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Worker output grows at 3.8% annual rate

WASHINGTON — WASHINGTON - U.S. worker productivity grew at a 3.8 percent annual rate from January through March, faster than the final quarter of 2003, as investment in equipment helped employers become more efficient. Labor costs rose.

The government's measure of the work done by one employee in an hour showed a 2.5 percent annual rate of increase in October-December, the Labor Department said. The first-quarter rate also was higher than the 3.5 percent initially reported in May.

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Gains in productivity, aided by higher spending on equipment and software, may help companies hold down costs and safeguard profits, economists said. Productivity may slow this year as companies add more employees to keep up with increasing demand.

"These data underscore the reasons for the boom in corporate profitability over the past few quarters," said Joshua Shapiro, chief U.S. economist at Maria Fiorini Ramirez Inc. in New York. Some tradeoff between productivity and hiring "is good news as far as a sustainable economic expansion is concerned."

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The cost of labor rose for a second consecutive quarter, led by wages and benefits, as payrolls expanded. Labor costs still lag behind inflation, economists say. At the same time, restrained costs "can no longer be counted on as a moderating influence on prices," said Stephen Stanley, chief economist at RBS Greenwich Capital in Greenwich, Conn.

Separate reports on jobless claims and the services economy also suggest that employment is on the rise, and they reinforce expectations that payrolls expanded last month.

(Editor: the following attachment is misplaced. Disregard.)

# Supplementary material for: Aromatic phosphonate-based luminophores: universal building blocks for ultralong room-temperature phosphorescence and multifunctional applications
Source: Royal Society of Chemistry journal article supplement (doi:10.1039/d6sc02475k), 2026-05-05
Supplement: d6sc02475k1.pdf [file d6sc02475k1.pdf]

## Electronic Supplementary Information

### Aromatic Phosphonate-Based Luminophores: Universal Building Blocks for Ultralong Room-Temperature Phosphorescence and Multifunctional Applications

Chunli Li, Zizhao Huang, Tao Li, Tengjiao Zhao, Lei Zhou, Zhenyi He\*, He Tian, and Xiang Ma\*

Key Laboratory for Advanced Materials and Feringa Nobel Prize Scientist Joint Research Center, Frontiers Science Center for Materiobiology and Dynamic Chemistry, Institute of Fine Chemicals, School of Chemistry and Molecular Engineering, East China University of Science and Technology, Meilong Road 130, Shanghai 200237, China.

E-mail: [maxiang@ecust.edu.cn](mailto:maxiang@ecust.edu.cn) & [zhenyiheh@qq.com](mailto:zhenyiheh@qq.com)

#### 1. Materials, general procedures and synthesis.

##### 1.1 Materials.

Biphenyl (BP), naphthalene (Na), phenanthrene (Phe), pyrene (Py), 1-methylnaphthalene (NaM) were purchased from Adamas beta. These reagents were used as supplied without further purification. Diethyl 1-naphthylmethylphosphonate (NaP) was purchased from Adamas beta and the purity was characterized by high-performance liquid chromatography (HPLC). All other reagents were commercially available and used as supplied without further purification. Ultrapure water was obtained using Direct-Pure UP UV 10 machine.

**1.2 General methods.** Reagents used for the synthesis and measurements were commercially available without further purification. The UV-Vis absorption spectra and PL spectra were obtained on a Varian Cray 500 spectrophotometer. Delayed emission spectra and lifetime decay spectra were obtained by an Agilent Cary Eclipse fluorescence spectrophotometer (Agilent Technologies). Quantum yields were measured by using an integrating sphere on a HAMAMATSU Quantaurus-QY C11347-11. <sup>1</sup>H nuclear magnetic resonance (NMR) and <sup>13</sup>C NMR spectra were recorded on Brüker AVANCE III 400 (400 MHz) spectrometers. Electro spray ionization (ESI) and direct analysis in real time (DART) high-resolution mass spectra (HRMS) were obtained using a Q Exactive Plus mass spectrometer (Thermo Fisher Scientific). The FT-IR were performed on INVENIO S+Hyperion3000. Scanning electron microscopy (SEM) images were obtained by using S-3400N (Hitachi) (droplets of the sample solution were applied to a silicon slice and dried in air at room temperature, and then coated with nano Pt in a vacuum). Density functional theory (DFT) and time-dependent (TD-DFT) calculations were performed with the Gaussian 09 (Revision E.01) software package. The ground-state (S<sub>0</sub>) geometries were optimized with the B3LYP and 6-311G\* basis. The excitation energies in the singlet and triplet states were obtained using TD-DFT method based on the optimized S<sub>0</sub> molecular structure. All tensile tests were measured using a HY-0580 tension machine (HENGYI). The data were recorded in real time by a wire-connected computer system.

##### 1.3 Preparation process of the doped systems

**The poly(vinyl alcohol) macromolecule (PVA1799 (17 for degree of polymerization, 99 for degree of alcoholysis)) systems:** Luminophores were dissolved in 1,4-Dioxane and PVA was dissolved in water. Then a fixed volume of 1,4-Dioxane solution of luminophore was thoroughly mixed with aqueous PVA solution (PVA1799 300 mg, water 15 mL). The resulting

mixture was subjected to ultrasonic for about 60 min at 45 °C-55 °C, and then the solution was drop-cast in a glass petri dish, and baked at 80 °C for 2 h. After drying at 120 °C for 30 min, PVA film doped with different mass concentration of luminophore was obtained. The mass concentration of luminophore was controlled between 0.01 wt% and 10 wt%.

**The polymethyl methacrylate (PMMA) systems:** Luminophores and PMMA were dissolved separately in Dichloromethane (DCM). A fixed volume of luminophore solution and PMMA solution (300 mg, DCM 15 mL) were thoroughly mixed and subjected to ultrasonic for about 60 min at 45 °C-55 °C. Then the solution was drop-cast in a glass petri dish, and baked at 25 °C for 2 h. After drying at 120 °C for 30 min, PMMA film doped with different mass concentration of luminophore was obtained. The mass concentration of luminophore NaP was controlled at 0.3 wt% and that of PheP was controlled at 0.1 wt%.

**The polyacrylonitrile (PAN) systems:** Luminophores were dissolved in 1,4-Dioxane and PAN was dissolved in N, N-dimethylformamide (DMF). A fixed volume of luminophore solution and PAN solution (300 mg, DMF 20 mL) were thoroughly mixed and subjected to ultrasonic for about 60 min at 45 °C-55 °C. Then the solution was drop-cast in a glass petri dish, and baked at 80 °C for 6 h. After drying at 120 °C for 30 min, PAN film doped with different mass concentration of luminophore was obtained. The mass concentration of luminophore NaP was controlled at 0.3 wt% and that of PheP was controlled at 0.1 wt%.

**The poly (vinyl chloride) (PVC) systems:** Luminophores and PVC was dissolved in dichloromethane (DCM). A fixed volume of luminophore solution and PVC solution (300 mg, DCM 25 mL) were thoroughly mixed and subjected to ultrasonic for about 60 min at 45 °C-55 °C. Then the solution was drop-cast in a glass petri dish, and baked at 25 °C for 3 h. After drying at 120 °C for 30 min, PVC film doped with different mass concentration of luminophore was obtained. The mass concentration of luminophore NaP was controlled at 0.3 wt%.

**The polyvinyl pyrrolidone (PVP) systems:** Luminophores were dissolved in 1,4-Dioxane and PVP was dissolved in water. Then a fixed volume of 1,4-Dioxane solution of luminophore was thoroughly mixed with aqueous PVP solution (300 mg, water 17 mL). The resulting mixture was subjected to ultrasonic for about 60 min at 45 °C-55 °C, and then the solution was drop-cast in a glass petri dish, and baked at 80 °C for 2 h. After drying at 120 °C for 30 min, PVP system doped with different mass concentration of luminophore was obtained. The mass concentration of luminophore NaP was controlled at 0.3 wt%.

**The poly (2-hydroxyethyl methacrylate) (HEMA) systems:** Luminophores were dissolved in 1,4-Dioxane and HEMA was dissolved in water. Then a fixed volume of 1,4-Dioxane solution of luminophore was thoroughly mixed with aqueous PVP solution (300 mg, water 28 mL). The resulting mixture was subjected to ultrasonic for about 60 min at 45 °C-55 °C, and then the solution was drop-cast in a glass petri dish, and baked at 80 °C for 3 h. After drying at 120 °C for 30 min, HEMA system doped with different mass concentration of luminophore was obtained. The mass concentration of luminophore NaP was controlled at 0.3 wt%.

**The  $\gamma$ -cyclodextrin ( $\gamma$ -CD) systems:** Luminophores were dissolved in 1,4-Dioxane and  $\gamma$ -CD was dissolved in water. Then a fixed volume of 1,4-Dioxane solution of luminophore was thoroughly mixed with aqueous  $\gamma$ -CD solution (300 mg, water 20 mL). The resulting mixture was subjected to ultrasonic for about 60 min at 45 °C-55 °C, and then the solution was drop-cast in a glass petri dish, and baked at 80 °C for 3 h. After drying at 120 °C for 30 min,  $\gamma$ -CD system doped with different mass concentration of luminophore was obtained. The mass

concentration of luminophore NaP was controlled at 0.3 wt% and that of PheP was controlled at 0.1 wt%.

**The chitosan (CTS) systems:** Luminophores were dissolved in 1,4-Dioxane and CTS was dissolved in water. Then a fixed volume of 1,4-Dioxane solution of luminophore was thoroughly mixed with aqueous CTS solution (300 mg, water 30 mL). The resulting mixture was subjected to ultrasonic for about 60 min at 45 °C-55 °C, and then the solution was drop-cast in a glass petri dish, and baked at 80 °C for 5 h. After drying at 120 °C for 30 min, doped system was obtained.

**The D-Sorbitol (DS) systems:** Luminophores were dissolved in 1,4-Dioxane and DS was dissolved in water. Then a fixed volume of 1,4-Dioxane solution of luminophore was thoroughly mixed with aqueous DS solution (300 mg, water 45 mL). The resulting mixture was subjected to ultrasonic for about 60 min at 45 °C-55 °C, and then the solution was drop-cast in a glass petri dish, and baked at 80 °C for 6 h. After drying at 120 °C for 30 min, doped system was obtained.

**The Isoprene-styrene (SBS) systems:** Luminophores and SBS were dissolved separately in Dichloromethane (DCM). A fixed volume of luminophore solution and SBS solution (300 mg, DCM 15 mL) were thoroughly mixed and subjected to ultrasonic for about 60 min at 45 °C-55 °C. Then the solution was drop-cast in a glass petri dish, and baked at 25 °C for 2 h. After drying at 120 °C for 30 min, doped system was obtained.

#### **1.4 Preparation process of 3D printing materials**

Initial applications for unemployment benefits fell last week to 339,000 from 345,000, the Labor Department said. Claims have been lower than 350,000 for all but two weeks since late February. Claims averaged 402,000 in 2003.

An index of employment in the services economy, which accounts for about 85 percent of gross domestic product, rose to a 6 1/2 -year high in May. The Institute for Supply Management's report on the state of the services economy, not just employment, fell to 65.2 from April's record of 68.4, still showing an accelerating expansion.

Factory orders declined 1.7 percent in April, the most in a year, after a March increase of 5 percent that was the largest since June 2000, the Commerce Department reported. Orders were up almost 11 percent from April 2003.

The revisions to productivity came as a result of faster economic growth than previously estimated. Last month, the Commerce Department said gross domestic product expanded 4.4 percent in the first quarter, up from the advance estimate of 4.2 percent.

Spending on equipment and software rose at almost a 10 percent annual rate, after increases of 15 percent and 18 percent.

Compared with a year earlier, productivity was up 5.5 percent, the most since it also rose 5.5 percent in the third quarter of 2002.

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Economists had forecast first-quarter productivity would grow at a revised 3.7 percent annual rate.

Unit labor costs - the amount paid for each unit of production - rose a greater-than-expected 0.8 percent in the first quarter, after a revised 1.7 percent gain in the previous three months.

The Labor Department originally had reported that costs rose 0.5 percent in the first quarter. Compared with a year earlier, costs were 0.8 percent lower.

Nonfarm output, or total production, rose at a 5.4 percent rate, revised from 4.9 percent, and compared with a 4.2 percent gain in the previous three months. Year-over-year, output rose 5.9 percent, the biggest gain since the third quarter of 1984.

The Labor Department may report today that all employers created 225,000 jobs in May and the unemployment rate held at 5.6 percent, according to a Bloomberg survey of economists. About 625,000 jobs were added in March and April, the biggest two-month increase in four years.

Among manufacturers, productivity rose at a 2.9 percent pace, after growing at a 4.8 percent rate in the fourth quarter. The first-quarter pace was slower than the 3.1 percent initially reported. The Labor Department said the change was the result of a decline in productivity at makers of nondurable goods.


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